It is unusual, but follows a practice established in colonial Hong Kong. The
Hong Kong (Legislative Powers) Order of 1986 allowed the Governor of Hong Kong
to initiate legislation relating to, among other things, merchant shipping. This
led to the Hong Kong Merchant Shipping (Registration) Ordinance of 1990. Vessels
on the register were required to wear, on the same staff, the plain Red Ensign
above the Hong Kong Blue Ensign. It seems that the requirement was widely
ignored, and a Red Ensign defaced with the badge from the Honk Kong Blue Ensign
was flown instead.
David Prothero, 16 May 2010
David's comments on the double Hong Kong ensign are perfectly correct. Such
usage was, indeed, rare, but the ferries plying between Hong Kong and Macao
invariably flew both the red ensign and the colonial blue from the same staff at
the stern of the vessel. When entering Macao waters, the Portuguese flag was
hoisted at the yard-arm.
Occasionally, one saw the red and blue ensigns both defaced with the colonial arms flown in this manner, though usually, the defaced red was to be seen flying at the yard-arm of foreign-registered vessels entering Hong Kong waters.
Željko asks about the practice in Macao. Before 1999, I seem to recall that only the Portuguese flag was flown, Macao in those days not having a local equivalent of Hong Kong's blue or red ensigns. I am not sure of the position today. Macao does now have a regional flag and this may indeed be flown in conjunction with the Chinese national flag in a manner similar to that which pertains in Hong Kong.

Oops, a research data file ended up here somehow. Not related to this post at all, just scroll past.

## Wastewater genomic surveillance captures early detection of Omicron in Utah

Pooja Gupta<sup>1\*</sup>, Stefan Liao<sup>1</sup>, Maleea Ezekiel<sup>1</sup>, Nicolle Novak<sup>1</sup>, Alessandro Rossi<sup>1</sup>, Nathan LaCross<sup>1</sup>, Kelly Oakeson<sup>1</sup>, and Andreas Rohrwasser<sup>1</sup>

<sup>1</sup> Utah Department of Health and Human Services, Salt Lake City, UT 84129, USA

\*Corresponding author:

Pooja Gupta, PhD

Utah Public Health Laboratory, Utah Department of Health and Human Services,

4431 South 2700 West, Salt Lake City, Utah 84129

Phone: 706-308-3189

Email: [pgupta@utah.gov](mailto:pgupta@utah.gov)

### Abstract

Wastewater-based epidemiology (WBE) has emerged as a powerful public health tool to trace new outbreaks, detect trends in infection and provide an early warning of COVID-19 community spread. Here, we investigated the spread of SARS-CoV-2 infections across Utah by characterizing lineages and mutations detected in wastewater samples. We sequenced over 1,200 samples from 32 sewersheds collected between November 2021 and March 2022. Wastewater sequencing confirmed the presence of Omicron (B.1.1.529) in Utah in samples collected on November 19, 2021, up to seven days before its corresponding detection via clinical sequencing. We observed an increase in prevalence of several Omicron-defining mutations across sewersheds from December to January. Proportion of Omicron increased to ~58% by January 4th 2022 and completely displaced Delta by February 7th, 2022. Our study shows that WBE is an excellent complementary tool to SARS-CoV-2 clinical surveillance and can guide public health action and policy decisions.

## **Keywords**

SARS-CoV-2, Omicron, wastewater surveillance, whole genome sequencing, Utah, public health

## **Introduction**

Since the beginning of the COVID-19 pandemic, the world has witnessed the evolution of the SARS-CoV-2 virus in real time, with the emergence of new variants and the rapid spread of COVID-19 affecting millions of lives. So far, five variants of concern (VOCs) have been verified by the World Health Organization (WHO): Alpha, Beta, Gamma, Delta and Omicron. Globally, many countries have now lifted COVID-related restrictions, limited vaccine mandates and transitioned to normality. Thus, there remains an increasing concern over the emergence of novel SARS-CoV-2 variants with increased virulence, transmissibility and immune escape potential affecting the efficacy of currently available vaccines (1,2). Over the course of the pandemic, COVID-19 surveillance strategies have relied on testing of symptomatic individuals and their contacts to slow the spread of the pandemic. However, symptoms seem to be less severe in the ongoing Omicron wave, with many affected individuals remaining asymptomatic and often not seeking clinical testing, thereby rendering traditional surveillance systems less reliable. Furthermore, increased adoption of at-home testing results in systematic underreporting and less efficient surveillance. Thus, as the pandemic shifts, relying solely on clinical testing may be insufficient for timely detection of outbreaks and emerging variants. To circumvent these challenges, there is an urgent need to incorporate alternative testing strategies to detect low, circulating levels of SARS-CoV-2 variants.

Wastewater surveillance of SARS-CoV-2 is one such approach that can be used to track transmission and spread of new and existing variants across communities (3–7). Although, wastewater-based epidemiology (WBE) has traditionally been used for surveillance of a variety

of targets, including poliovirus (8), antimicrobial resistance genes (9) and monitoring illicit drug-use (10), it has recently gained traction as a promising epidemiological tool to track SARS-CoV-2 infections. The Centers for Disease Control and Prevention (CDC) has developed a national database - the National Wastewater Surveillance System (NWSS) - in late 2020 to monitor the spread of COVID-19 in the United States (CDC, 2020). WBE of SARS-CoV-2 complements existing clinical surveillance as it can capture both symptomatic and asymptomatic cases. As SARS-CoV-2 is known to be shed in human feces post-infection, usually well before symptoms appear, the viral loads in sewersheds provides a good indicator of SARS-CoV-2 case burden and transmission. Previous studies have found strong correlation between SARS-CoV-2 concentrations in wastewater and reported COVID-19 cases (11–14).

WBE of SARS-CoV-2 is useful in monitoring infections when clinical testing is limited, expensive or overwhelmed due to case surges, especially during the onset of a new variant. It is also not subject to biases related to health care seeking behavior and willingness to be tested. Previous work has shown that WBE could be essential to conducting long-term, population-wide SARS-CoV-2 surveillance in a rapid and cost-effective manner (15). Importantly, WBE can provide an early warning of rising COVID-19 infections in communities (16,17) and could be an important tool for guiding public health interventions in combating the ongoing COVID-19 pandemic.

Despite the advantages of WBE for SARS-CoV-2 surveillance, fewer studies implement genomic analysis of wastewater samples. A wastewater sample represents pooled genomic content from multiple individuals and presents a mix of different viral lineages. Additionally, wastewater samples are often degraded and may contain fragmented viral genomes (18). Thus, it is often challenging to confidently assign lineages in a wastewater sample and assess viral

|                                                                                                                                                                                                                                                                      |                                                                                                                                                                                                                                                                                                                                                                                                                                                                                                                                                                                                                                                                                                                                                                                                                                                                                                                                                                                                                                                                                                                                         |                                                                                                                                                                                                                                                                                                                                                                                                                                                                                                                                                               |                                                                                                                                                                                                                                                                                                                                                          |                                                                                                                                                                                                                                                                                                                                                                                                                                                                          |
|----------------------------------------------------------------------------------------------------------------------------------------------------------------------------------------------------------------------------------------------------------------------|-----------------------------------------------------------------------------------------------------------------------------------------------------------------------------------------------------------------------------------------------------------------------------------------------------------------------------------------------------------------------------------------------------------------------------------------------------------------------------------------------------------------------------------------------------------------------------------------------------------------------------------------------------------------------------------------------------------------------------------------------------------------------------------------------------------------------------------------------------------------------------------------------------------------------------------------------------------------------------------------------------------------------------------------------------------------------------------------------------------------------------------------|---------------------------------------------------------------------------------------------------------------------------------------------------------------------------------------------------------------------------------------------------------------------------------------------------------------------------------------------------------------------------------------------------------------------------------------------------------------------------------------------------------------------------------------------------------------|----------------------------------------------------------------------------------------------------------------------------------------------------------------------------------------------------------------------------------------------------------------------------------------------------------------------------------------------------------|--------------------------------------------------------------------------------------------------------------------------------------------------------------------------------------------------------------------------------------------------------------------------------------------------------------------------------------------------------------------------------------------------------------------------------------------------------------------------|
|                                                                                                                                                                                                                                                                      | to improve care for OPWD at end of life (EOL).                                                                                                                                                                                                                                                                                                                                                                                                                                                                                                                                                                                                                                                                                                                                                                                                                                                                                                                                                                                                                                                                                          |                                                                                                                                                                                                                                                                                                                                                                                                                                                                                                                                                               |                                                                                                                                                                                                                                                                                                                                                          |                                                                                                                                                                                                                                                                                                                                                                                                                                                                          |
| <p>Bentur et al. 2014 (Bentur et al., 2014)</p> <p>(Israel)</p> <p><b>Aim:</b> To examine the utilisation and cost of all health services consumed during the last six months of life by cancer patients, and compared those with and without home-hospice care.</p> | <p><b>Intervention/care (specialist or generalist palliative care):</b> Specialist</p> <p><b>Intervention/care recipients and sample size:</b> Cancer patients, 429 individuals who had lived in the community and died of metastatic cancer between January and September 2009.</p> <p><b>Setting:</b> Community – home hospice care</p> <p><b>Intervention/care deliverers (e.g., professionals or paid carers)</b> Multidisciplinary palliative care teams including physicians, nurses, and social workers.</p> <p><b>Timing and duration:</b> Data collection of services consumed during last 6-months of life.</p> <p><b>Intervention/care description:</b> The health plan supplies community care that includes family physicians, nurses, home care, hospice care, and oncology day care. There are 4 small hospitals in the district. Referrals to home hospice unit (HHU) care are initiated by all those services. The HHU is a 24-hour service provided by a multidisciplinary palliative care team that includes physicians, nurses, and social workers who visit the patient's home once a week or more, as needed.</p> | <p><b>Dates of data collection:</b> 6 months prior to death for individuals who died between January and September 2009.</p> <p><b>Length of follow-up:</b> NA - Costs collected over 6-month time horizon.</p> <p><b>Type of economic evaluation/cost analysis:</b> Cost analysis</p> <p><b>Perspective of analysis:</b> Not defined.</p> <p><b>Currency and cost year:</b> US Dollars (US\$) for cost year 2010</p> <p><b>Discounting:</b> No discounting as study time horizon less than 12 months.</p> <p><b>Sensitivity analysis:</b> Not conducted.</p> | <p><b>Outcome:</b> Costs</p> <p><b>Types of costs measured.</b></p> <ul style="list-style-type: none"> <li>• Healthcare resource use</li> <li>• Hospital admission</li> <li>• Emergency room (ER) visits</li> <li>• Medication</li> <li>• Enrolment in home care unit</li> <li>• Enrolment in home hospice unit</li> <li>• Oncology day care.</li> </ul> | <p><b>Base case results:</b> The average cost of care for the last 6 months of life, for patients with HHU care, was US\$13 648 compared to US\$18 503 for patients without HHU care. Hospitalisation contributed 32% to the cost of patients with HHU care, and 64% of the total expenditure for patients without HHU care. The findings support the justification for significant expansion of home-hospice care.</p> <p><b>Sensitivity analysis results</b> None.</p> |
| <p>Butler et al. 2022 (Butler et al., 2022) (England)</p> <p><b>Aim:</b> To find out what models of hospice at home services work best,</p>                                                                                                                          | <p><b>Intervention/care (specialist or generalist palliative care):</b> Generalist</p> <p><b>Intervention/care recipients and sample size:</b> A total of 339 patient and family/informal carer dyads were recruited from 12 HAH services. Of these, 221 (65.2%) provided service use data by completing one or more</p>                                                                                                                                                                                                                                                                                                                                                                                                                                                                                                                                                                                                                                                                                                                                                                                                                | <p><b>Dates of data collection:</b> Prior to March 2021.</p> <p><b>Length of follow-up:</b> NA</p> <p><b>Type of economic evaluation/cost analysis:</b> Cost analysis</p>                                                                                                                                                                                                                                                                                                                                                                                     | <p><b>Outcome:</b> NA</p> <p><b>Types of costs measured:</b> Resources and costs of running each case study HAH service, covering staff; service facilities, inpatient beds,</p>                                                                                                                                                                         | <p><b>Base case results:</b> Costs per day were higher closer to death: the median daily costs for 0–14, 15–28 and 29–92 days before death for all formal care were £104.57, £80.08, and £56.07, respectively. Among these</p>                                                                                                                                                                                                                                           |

I'll be going over to Macao later this week and will keep my eyes open. Watch this space.
Peter Johnson, 17 May 2010
I offer a
Youtube link which nicely illustrates my comments on how flags are
now raised in Hong Kong.
You will note that the uniforms, drill and commands continue to follow the British pattern, the only novelty being the flourish with which the flags are cast away.
The more observant amongst you will note that, towards the end of the clip, other Chinese and Hong Kong flags can be seen already flying at full staff further down the promenade. I doubt very much that these would have been hoisted in the same dramatic fashion and am at a loss to explain why they were hoisted before the two flags 'officially' hauled up in the clip.
A further illustration, I suspect, of the oft-found divergence that arises between practice as prescribed in regulations and that which actually takes place.
Peter Johnson, 12 July 2010
The protocol manual for the
London 2012 Olympics (Flags and Anthems Manual
London 2012 [loc12]) provides recommendations
for national flag designs. Each
NOC was sent an image of the flag,
including the PMS shades, for their approval by LOCOG. Once this was obtained, LOCOG produced
a 60 x 90 cm version of the flag for further approval. So, while these specs may
not be the official, government, version of each flag, they are certainly what
the NOC believed the flag to be.
For Hong Kong: PMS 186 red. The vertical flag is simply the horizontal version turned 90 degrees clockwise.
Ian Sumner, 10 October 2012